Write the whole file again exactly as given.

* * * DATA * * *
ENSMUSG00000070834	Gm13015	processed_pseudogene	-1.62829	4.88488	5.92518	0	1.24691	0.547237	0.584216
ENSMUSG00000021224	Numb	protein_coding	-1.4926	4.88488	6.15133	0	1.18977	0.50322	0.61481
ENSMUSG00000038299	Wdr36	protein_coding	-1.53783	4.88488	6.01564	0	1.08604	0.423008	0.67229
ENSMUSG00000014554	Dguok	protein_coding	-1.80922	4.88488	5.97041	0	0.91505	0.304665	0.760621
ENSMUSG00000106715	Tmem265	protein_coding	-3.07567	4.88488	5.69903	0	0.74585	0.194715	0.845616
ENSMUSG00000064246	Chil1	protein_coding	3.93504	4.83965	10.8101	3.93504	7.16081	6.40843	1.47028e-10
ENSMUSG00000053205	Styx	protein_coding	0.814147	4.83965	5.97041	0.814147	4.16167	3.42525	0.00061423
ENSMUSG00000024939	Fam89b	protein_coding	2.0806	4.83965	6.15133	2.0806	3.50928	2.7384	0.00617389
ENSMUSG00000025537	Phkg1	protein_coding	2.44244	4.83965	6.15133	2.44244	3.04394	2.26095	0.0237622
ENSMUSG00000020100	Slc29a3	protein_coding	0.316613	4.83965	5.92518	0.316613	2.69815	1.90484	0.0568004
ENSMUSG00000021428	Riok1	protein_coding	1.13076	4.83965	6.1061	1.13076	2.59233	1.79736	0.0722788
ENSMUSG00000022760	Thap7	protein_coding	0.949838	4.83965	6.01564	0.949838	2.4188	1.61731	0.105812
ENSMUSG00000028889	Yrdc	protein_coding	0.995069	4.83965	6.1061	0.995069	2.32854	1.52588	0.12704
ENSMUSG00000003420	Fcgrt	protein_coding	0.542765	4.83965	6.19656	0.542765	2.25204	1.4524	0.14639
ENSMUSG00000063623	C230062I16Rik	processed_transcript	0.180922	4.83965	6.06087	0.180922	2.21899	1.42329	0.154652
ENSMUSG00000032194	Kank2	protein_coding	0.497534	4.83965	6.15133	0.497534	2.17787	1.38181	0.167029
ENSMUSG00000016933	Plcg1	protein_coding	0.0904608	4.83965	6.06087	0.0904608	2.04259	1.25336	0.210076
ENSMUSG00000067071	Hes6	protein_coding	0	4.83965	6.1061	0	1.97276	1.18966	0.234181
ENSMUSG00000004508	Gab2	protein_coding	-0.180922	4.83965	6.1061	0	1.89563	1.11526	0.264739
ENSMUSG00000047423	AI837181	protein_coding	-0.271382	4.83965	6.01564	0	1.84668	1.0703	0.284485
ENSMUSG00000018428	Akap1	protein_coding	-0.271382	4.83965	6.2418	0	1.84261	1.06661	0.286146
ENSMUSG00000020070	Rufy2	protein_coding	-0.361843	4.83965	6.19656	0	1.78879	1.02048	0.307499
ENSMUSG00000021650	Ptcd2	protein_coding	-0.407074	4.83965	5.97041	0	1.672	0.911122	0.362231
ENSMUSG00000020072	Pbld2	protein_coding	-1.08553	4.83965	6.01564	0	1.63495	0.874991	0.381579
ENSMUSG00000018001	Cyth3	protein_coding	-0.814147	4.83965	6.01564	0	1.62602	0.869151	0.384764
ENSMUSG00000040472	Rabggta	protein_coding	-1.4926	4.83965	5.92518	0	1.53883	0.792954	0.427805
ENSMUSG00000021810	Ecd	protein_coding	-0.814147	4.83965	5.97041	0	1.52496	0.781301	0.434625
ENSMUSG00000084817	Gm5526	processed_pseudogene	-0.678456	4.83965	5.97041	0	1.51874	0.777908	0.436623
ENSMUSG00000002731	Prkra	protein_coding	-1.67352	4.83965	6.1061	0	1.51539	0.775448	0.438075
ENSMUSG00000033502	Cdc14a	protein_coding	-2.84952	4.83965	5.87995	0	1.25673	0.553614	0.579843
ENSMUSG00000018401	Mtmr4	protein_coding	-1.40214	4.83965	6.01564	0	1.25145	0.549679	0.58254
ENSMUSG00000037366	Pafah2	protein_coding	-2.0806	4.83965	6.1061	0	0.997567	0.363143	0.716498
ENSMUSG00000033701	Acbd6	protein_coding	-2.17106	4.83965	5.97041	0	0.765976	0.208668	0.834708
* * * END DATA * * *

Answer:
ENSMUSG00000070834	Gm13015	processed_pseudogene	-1.62829	4.88488	5.92518	0	1.24691	0.547237	0.584216
ENSMUSG00000021224	Numb	protein_coding	-1.4926	4.88488	6.15133	0	1.18977	0.50322	0.61481
ENSMUSG00000038299	Wdr36	protein_coding	-1.53783	4.88488	6.01564	0	1.08604	0.423008	0.67229
ENSMUSG00000014554	Dguok	protein_coding	-1.80922	4.88488	5.97041	0	0.91505	0.304665	0.760621
ENSMUSG00000106715	Tmem265	protein_coding	-3.07567	4.88488	5.69903	0	0.74585	0.194715	0.845616
ENSMUSG00000064246	Chil1	protein_coding	3.93504	4.83965	10.8101	3.93504	7.16081	6.40843	1.47028e-10
ENSMUSG00000053205	Styx	protein_coding	0.814147	4.83965	5.97041	0.814147	4.16167	3.42525	0.00061423
ENSMUSG00000024939	Fam89b	protein_coding	2.0806	4.83965	6.15133	2.0806	3.50928	2.7384	0.00617389
ENSMUSG00000025537	Phkg1	protein_coding	2.44244	4.83965	6.15133	2.44244	3.04394	2.26095	0.0237622
ENSMUSG00000020100	Slc29a3	protein_coding	0.316613	4.83965	5.92518	0.316613	2.69815	1.90484	0.0568004
ENSMUSG00000021428	Riok1	protein_coding	1.13076	4.83965	6.1061	1.13076	2.59233	1.79736	0.0722788
ENSMUSG00000022760	Thap7	protein_coding	0.949838	4.83965	6.01564	0.949838	2.4188	1.61731	0.105812
ENSMUSG00000028889	Yrdc	protein_coding	0.995069	4.83965	6.1061	0.995069	2.32854	1.52588	0.12704
ENSMUSG00000003420	Fcgrt	protein_coding	0.542765	4.83965	6.19656	0.542765	2.25204	1.4524	0.14639
ENSMUSG00000063623	C230062I16Rik	processed_transcript	0.180922	4.83965	6.06087	0.180922	2.21899	1.42329	0.154652
ENSMUSG00000032194	Kank2	protein_coding	0.497534	4.83965	6.15133	0.497534	2.17787	1.38181	0.167029
ENSMUSG00000016933	Plcg1	protein_coding	0.0904608	4.83965	6.06087	0.0904608	2.04259	1.25336	0.210076
ENSMUSG00000067071	Hes6	protein_coding	0	4.83965	6.1061	0	1.97276	1.18966	0.234181
ENSMUSG00000004508	Gab2	protein_coding	-0.180922	4.83965	6.1061	0	1.89563	1.11526	0.264739
ENSMUSG00000047423	AI837181	protein_coding	-0.271382	4.83965	6.01564	0	1.84668	1.0703	0.284485
ENSMUSG00000018428	Akap1	protein_coding	-0.271382	4.83965	6.2418	0	1.84261	1.06661	0.286146
ENSMUSG00000020070	Rufy2	protein_coding	-0.361843	4.83965	6.19656	0	1.78879	1.02048	0.307499
ENSMUSG00000021650	Ptcd2	protein_coding	-0.407074	4.83965	5.97041	0	1.672	0.911122	0.362231
ENSMUSG00000020072	Pbld2	protein_coding	-1.08553	4.83965	6.01564	0	1.63495	0.874991	0.381579
ENSMUSG00000018001	Cyth3	protein_coding	-0.814147	4.83965	6.01564	0	1.62602	0.869151	0.384764
ENSMUSG00000040472	Rabggta	protein_coding	-1.4926	4.83965	5.92518	0	1.53883	0.792954	0.427805
ENSMUSG00000021810	Ecd	protein_coding	-0.814147	4.83965	5.97041	0	1.52496	0.781301	0.434625
ENSMUSG00000084817	Gm5526	processed_pseudogene	-0.678456	4.83965	5.97041	0	1.51874	0.777908	0.436623
ENSMUSG00000002731	Prkra	protein_coding	-1.67352	4.83965	6.1061	0	1.51539	0.775448	0.438075
ENSMUSG00000033502	Cdc14a	protein_coding	-2.84952	4.83965	5.87995	0	1.25673	0.553614	0.579843
ENSMUSG00000018401	Mtmr4	protein_coding	-1.40214	4.83965	6.01564	0	1.25145	0.549679	0.58254
ENSMUSG00000037366	Pafah2	protein_coding	-2.0806	4.83965	6.1061	0	0.997567	0.363143	0.716498
ENSMUSG00000033701	Acbd6	protein_coding	-2.17106	4.83965	5.97041	0	0.765976	0.208668	0.834708